Minnesota Prairie Roots

Writing and photography by Audrey Kletscher Helbling

Flood clean-up help needed in Faribault and surrounding area September 30, 2010

Filed under: Uncategorized — Audrey Kletscher Helbling @ 2:26 PM
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Floodwaters flooded this rural home (left) at the intersection of Minnesota Highway 3 and Rice County Road 29 north of Faribault. This photo was taken late last Saturday morning from CR 29 by the Straight River bridge.

IF YOU’RE WILLING AND ABLE, you can assist residents of Faribault and the surrounding area with clean-up following last week’s devastating floods.

That’s according to a Code Red recorded telephone message I just received from Rice County Sheriff Richard Cook. After I got over the initial scare of hearing the words “Rice County Sheriff’s Department,” I listened, and then listened again to the request.

Here’s the deal: If you can volunteer with flood clean-up, report to the volunteer coordination center at the Rice County Fairgrounds 4-H building in Faribault. Or, you may register to volunteer by calling (507) 332-6234.

Those in need of clean-up assistance may also call (507) 332-6234.

Click here for flood information updates from Rice County.

If you can assist, please do. Organize your friends, your co-workers, fellow church members, neighbors, whomever, and help with the clean-up.

Rice County Road 29 northeast of Faribault was closed last week due to flooding in the area along the Straight River. The road and adjoining Highway 3 were reopened by Sunday.

The rushing Straight River touched the underside of the Rice County 29 bridge.

© Copyright 2010 Audrey Kletscher Helbling


Celebrating history and heritage at Christdala Church

Filed under: Uncategorized — Audrey Kletscher Helbling @ 7:45 AM
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Christdala's 1880 altar and pulpit join at the front of the Swedish Lutheran church.

THEY COULD NOT HAVE KNOWN, but a hymn they/someone chose for the annual church celebration happened to be my favorite.

Beautiful Savior, King of creation,

Son of God and Son of Man!

Truly I’d love thee, truly I’d serve thee,

Light of my soul, my joy, my crown.

And so I sang, in verse two of fair meadows. Verse three, of bright the sparkling stars on high. And the final verse—glory and honor, praise, adoration.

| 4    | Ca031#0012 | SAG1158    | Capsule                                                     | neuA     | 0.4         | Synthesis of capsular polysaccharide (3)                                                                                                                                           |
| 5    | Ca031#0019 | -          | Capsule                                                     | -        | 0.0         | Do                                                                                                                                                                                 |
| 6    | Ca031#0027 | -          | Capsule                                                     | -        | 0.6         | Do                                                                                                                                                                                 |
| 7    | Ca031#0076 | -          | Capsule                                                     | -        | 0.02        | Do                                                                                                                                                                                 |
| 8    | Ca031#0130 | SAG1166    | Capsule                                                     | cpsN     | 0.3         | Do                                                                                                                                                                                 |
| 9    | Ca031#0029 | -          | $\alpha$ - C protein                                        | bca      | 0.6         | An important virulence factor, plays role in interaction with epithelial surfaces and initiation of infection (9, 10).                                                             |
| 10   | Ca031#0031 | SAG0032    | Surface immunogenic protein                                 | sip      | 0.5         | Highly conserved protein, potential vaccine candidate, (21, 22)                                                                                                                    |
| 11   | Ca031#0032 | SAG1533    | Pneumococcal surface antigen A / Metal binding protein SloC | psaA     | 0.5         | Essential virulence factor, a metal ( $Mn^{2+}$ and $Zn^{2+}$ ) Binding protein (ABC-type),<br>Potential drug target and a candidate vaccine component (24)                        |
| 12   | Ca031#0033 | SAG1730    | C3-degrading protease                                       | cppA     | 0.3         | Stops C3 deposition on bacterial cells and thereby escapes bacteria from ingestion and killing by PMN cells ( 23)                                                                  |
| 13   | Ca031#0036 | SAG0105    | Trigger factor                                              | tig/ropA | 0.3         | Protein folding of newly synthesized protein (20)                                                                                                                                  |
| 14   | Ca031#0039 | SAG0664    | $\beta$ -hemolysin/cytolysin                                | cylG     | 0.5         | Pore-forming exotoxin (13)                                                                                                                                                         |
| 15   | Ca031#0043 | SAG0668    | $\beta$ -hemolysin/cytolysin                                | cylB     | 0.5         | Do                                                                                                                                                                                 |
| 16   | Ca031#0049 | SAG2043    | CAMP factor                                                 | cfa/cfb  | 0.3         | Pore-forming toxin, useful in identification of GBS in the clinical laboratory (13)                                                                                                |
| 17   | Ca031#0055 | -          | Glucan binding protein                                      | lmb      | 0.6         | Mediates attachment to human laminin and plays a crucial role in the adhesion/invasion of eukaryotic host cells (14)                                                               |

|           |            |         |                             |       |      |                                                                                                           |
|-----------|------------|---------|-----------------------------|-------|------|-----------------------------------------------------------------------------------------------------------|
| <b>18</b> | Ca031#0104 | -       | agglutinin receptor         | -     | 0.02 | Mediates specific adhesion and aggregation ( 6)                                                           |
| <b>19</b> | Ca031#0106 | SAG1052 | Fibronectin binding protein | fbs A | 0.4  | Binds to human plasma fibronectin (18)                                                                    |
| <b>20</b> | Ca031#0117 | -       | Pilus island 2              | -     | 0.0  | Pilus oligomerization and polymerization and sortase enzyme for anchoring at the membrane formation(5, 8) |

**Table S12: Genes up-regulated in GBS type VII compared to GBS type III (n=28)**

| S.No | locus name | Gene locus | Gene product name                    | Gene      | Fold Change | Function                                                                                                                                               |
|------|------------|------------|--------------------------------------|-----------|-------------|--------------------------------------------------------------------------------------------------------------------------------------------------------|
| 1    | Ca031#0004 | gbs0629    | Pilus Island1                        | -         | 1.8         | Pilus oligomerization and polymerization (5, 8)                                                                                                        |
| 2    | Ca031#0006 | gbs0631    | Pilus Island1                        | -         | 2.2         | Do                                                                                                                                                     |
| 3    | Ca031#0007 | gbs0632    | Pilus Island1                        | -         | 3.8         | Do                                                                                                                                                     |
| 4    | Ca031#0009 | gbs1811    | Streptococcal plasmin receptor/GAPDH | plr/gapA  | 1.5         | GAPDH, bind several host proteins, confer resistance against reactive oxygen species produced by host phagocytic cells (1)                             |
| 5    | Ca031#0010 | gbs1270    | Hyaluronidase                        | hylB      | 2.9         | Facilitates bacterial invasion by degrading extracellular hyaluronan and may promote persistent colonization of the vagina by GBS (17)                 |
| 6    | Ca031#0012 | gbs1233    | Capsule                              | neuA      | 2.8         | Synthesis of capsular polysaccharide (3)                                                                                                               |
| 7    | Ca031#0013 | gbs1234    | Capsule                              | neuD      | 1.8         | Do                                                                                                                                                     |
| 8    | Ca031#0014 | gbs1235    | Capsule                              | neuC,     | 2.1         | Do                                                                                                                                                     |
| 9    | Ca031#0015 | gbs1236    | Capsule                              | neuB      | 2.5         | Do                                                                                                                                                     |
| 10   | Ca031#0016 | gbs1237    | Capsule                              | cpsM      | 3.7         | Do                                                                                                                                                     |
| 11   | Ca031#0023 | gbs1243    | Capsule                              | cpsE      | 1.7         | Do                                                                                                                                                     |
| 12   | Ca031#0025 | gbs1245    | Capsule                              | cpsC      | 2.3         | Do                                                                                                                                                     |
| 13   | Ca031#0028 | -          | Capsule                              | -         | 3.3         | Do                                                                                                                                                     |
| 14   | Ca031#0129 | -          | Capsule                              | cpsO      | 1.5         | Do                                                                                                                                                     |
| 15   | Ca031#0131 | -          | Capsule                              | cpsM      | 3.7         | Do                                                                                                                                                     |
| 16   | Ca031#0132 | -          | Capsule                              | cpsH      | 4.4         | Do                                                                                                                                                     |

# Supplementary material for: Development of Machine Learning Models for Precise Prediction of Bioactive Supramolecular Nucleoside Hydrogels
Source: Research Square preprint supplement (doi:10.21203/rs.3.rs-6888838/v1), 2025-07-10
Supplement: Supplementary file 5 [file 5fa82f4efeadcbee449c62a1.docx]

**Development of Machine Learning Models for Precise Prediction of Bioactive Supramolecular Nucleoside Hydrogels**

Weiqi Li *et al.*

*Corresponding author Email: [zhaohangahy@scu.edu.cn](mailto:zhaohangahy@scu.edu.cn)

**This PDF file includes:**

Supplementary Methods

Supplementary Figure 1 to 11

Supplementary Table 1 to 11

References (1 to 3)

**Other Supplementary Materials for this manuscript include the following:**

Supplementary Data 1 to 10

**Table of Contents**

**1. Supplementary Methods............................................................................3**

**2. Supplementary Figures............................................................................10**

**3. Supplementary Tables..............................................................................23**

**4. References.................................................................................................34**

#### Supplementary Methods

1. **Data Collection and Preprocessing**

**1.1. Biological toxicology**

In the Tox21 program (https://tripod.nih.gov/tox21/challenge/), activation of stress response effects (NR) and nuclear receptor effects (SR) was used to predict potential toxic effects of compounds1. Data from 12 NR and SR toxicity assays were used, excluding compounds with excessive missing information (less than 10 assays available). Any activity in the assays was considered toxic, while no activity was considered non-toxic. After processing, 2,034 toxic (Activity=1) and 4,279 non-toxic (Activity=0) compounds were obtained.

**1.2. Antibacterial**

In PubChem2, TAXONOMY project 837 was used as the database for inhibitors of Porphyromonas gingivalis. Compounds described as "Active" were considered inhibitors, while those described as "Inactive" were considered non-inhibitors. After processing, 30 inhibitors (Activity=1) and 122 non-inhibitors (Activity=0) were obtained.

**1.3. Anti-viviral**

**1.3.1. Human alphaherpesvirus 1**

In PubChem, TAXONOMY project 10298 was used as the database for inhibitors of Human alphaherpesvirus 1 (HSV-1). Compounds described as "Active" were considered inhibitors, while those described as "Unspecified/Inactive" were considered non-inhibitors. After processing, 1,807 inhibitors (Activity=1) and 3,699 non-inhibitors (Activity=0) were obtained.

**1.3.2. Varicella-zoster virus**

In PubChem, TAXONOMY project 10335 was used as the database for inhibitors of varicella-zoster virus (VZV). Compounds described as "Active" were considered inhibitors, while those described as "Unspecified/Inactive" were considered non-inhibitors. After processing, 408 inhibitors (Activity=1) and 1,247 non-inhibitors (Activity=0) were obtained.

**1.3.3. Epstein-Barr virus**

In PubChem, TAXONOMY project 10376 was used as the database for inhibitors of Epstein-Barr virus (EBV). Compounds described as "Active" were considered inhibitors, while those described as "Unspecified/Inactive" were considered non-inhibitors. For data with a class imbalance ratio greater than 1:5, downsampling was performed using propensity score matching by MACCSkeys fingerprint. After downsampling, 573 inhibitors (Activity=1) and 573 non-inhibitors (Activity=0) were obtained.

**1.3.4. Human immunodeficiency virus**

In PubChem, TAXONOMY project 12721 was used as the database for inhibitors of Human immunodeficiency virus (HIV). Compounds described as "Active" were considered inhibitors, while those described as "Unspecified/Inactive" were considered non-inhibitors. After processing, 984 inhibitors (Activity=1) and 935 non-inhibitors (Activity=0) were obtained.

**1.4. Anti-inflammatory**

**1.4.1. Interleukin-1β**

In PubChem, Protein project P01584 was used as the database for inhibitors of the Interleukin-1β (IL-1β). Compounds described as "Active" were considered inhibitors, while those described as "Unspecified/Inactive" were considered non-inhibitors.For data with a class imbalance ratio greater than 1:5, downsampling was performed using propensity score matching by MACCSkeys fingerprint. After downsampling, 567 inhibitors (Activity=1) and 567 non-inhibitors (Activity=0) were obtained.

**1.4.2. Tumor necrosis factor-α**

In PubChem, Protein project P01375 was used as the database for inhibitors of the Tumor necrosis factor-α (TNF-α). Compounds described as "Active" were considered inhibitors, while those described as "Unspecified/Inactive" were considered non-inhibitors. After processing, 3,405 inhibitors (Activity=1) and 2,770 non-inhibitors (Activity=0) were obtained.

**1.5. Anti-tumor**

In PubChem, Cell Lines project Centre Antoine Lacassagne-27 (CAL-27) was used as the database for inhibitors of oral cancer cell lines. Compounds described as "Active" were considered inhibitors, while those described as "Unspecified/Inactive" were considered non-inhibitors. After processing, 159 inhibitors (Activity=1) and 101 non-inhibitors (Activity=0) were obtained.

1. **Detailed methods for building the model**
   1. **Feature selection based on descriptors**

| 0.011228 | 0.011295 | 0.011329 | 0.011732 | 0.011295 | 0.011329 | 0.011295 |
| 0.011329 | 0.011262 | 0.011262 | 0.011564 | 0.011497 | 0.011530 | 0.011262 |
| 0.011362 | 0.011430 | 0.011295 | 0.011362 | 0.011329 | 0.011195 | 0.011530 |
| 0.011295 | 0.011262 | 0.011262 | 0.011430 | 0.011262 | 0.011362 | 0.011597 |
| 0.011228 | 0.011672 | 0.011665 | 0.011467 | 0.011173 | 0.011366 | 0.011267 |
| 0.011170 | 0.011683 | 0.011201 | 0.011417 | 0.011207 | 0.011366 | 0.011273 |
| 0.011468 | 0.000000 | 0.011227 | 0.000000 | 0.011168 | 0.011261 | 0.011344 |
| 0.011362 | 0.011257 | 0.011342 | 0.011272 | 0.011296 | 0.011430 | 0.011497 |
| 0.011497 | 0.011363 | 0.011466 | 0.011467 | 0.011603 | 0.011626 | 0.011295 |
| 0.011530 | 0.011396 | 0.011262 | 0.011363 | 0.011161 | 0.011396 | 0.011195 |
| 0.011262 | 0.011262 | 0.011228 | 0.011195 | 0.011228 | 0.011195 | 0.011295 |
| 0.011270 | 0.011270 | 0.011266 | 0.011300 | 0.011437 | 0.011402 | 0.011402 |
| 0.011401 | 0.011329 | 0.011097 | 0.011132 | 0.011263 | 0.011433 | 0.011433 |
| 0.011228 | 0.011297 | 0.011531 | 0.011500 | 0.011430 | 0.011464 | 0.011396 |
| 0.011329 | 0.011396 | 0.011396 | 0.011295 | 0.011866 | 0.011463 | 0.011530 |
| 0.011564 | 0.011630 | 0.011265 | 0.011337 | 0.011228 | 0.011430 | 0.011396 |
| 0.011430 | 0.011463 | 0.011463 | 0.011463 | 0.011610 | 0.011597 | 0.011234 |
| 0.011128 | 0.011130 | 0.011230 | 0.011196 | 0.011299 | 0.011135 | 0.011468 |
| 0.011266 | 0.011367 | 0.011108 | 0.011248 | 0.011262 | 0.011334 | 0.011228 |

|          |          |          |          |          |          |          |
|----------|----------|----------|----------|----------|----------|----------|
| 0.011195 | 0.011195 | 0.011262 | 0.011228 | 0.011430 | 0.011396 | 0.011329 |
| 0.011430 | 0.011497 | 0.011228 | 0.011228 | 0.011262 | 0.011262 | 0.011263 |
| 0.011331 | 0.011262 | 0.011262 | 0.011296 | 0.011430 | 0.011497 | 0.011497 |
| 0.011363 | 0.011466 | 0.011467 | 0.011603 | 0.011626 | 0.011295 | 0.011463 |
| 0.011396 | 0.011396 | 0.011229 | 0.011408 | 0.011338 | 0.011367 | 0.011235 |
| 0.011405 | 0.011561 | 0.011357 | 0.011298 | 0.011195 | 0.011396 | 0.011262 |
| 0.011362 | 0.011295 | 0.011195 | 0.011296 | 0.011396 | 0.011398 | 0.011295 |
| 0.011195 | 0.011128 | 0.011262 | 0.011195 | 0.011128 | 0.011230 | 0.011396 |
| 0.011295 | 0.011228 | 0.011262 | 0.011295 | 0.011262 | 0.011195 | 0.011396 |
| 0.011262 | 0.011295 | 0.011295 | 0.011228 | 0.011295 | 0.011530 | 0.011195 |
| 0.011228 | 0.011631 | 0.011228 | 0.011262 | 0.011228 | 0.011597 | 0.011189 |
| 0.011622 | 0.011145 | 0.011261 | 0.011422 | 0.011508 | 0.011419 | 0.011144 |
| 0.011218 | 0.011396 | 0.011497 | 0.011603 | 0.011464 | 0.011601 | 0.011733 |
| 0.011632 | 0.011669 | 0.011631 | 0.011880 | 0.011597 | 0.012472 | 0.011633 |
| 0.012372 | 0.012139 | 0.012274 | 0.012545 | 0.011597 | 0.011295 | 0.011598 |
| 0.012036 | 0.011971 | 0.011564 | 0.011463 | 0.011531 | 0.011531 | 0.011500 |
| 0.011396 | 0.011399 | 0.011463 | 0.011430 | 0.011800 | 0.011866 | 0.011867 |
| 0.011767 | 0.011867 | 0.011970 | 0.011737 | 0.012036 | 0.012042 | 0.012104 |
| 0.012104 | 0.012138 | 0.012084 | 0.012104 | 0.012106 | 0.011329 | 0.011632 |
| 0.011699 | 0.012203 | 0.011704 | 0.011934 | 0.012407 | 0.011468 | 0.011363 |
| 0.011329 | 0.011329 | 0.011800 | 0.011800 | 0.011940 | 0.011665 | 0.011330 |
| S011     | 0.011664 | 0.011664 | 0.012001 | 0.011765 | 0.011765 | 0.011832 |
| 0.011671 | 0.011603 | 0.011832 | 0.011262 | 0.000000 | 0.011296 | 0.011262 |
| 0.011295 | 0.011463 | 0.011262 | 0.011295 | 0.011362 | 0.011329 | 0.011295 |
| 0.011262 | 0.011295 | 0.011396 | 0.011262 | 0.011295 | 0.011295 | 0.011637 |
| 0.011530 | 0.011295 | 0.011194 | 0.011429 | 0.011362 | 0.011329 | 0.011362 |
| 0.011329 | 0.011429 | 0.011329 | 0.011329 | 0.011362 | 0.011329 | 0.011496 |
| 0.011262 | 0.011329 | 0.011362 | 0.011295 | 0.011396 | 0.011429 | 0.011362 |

Only occasionally did I glimpse at the service program, at the words I’d memorized in childhood, sung decades later at my wedding. Beautiful Savior.

Everything about Sunday afternoon at Christdala Evangelical Swedish Lutheran Church in rural Millersburg was beautiful. Sunshine. The pure, clear voice of the soloist singing of saints gathering at the beautiful river. The wisps of steam rising from a percolating coffee pot that I glimpsed through a church window while sitting in a front pew. Art on the lawn by my friend Rhody Yule.

On this September day, descendants of the Gustafsons and other Swedish immigrants who founded this church in 1877 gathered to celebrate their heritage and the 1878 Gothic Revival style wood-frame church that has been preserved.

Voices raised together in song, accompanied by the 1886 pump organ, the church’s second organ. Heads tilted to hear the pastor speak: “Jesus is all about setting us free. Today you are set free.”

The clunk of wood as worshipers settled into pews. Bread dipped into wine. Bowed heads and box elder bugs.

And outside, on the lawn, ham sandwiches and lefse and cake in a lunch spread out on tables, in an open stretch of grass between gravestones.

Hugs exchanged. Here, atop a hill, they gathered—friends and family—to worship, to honor the Swedish immigrants who established this congregation, Christdala, Christ’s Valley.

Communion ware at Christdala and a memorial inscription on the altar cross.

Christdala's baptismal font

Numbers on the hymn board mark the celebration date, September 26, 2010.

Hymn board numbers are worn from years of use, reflecting the long history of this church.

Restoration and preservation of Christdala was detailed, right down to matching the replacement carpet, left in photo, to the original framed carpet sample at the right.

Reminders of the Swedish heritage rest atop a cupboard in a corner of the sanctuary.

All of the windows in Christdala are tipped in blue and yellow, the colors of the Swedish flag. This shows the front door opening south to an archway that frames the valley below.

Inside the entry of Christdala, fresh fall flowers sit next to a print of Christ, the Good Shepherd.

The front doors of Christdala open to reveal a painting of the church hanging inside the entry.

Christdala Swedish Lutheran Church sits atop a hill along Rice County Road 1 west of Millersburg.

© Copyright 2010 Audrey Kletscher Helbling


An attack in Argentina and how I’m dealing with the crime in Minnesota September 29, 2010

Filed under: Uncategorized — Audrey Kletscher Helbling @ 7:50 AM
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WHEN THE PHONE RANG early Tuesday afternoon and I picked up to a dial tone, I didn’t think much of it. Just another telemarketer, I figured. But then, the phone sounded again and my 20-something daughter was on the line, speaking to me from Argentina.

“It’s good to hear from you,” I say, surprised really that she is calling given we spoke only several days earlier.

“Well, uh, Mom, I was robbed last night,” she tells me.

I am shocked, momentarily speechless, until I spit out the dreaded words, “Are you OK?”

She is. But her purse and all of its contents are gone—her debit and credit cards, and other important identification, her cell phone and camera. She is stranded, without money, or access to money, with only her passport, in northern Argentina, hours and hours away from her temporary home in Buenos Aires and 6,000 miles from her Minnesota home.